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“It’s Mad Max meets The Good, the Bad and the Ugly” Performers Amanda Cordner, Christina Bryson & Director Claire Burns on DIVINE at SummerWorks

Interview by Megan Robinson

When I walked into the rehearsal space for DIVINE, the women of the cast were already in costume. I caught sight of holsters and cow hide wrapped around their waists. Two actors were clasping plastic bottles molded into the shape of guns. It’s a hot room, and the cast was dressed head to toe. The women, a powerful group, sauntered across the stage and stood ready to begin.

DIVINE is a Western set in a post-apocalyptic Ontario where water has disappeared. Playwright Natalie Frijia, who is currently pursuing her PhD in environmental studies and theatre, first conceived of DIVINE during Storefront Theatre’s first playwrights unit.

The play portrays characters finding strength in a desperate situation. I can’t help but reflect on how the themes of the piece mirrored real life for the cast and crew. Days before rehearsals were set to start, Storefront Theatre was evicted from its space last December. DIVINE, and half the season, was cancelled.

After the run, I sat outside with cast members Christina Bryson and Amanda Cordner as well as director Claire Burns, who tried to remember the exact timeline: “We’d booked off work for rehearsals and everything,” Cordner said of the challenges that face artists who work in indie theatre; more often than not the people involved are also navigating their day jobs (or night jobs…Hi bartenders!)

But the show has landed on its feet and has a new home at SummerWorks. The changes that were made to fit festival needs have also opened up new possibilities. With a set that needs to be easily torn down, and a trimmed version of the original two-hour script, the show is perfect for touring and Burns went on to mention plans to share the show beyond the festival.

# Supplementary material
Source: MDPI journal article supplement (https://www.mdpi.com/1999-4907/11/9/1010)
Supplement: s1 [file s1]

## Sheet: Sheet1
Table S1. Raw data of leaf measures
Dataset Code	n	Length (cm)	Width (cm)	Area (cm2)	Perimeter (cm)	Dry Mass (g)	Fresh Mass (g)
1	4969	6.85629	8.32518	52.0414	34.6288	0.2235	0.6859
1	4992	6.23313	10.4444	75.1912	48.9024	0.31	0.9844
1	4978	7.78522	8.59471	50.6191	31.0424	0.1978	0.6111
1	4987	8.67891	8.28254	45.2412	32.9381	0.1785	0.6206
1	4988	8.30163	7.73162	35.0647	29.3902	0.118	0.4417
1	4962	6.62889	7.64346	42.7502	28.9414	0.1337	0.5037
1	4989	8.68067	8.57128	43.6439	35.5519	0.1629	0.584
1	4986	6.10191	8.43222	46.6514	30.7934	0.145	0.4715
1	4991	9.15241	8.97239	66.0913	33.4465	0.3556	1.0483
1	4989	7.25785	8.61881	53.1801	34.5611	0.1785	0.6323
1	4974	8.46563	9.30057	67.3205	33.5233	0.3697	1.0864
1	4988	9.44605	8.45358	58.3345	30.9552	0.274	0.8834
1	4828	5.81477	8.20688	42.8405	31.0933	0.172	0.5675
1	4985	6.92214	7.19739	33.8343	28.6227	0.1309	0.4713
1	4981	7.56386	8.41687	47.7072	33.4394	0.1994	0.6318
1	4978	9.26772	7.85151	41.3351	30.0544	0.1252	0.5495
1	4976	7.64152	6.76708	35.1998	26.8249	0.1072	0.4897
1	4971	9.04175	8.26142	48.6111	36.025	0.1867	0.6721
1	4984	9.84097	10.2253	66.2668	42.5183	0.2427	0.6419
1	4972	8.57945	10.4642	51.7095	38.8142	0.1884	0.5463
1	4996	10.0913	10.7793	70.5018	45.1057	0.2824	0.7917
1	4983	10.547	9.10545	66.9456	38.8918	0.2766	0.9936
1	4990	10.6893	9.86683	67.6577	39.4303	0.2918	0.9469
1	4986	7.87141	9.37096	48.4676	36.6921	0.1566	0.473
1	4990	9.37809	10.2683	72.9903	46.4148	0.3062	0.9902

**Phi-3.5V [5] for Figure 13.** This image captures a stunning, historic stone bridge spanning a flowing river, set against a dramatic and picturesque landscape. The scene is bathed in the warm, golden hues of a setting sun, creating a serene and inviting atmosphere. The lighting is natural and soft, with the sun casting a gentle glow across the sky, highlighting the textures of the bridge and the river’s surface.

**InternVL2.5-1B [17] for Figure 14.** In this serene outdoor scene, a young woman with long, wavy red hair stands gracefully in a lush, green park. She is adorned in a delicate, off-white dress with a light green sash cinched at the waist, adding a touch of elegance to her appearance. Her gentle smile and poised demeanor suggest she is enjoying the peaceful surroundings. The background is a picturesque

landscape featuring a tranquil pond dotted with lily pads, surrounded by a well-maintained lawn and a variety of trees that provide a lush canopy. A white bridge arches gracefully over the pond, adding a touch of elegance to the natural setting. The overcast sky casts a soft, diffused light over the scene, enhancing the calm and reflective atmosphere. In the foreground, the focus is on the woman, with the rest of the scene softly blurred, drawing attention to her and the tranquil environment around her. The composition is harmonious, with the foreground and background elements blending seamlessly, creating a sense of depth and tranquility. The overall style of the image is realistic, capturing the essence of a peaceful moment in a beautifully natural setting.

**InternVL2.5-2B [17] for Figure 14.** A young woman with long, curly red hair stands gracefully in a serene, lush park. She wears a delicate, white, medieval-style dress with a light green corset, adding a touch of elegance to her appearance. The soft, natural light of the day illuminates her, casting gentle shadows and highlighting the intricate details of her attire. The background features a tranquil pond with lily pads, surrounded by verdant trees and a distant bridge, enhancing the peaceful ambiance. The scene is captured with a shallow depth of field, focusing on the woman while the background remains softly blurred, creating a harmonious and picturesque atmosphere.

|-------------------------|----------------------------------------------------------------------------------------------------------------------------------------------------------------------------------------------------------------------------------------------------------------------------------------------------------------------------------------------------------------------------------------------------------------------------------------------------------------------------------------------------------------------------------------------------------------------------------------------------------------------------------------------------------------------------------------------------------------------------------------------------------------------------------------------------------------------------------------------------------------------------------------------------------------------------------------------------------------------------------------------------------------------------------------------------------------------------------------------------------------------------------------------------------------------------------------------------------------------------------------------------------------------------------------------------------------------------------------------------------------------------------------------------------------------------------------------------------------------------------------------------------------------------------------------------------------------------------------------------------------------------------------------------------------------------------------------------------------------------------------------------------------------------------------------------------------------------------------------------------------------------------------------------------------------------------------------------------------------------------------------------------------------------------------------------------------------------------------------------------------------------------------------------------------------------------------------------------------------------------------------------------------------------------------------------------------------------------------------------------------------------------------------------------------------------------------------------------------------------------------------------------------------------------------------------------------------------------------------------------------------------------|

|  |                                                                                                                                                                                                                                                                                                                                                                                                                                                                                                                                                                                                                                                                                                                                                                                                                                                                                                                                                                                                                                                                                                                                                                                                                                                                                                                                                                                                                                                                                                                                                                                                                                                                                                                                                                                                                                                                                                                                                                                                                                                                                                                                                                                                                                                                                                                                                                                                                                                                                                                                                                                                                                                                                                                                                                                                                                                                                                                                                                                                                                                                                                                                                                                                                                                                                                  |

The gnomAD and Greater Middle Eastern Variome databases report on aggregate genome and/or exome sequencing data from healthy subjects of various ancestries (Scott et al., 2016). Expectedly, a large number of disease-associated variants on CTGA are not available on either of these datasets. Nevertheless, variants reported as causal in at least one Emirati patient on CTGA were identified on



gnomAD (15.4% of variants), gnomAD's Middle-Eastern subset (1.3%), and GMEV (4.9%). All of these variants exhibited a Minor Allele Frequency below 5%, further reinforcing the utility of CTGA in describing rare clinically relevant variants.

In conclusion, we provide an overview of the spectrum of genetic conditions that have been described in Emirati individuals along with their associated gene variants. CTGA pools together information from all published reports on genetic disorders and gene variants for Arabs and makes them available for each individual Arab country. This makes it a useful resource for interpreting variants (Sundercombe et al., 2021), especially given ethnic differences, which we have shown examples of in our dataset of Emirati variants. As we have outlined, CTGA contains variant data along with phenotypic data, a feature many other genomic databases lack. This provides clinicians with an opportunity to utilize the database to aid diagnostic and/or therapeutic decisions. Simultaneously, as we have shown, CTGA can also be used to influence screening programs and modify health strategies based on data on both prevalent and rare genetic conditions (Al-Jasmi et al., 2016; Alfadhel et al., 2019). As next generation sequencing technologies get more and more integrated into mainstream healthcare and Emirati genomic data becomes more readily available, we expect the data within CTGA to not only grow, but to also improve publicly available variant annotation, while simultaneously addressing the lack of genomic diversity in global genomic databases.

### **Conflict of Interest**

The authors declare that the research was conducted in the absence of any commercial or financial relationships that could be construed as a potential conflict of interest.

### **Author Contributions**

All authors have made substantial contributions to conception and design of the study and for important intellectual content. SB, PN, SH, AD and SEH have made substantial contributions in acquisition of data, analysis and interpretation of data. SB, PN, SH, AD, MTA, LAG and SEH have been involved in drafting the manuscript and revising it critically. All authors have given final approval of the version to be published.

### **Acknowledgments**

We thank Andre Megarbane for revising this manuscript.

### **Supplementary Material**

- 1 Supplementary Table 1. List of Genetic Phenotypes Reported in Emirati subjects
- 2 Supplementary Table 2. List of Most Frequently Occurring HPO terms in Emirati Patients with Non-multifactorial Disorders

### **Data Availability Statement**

The idea of an Ontario in drought might be terrifying, but DIVINE is surprisingly playful in its telling of the story. However, keeping it light took some work. Bryson and Cordner explained that once they delved into the reality of their characters’ despairing situation, they had to be reminded one day in rehearsal that it was a comedy. Cordner, who plays Penn, rolled her eyes at herself and laughed, “I was bringing all the drama.”

Photo Credit: John Gundy

“The play itself isn’t an issue play. It’s a kind of fantastical adventure story but underneath it is that message of conservation and sustainability. We don’t want to get to a place where we don’t have water,” said director Claire Burns. There’s a sweet spot in this work of marrying activism and theatre, but Burns is clear on her approach, “You catch more bees with honey.” “People never learn when you point fingers at them,” Cordner added. Burns nods, “It’s like subliminal messaging.”

The show itself may not hit you over the head with its message but by forging relationships last fall with the World Wildlife Fund and Wellington Water Watchers, DIVINE is a show supported by those who are actively working towards the preservation of water. “It was important to me that we had partnerships with legitimate environmental organizations,” said Burns.

Originally written with male roles, Claire made the decision to work with an all-female cast. Her reasoning? “The women were legitimately the best people for the roles.” I asked if they ever played around with women playing men, using fake moustaches or other costume devices, but Cordner and Bryson just laughed as Cordner explained, “Claire made it very clear from the beginning that we were not going to do that.”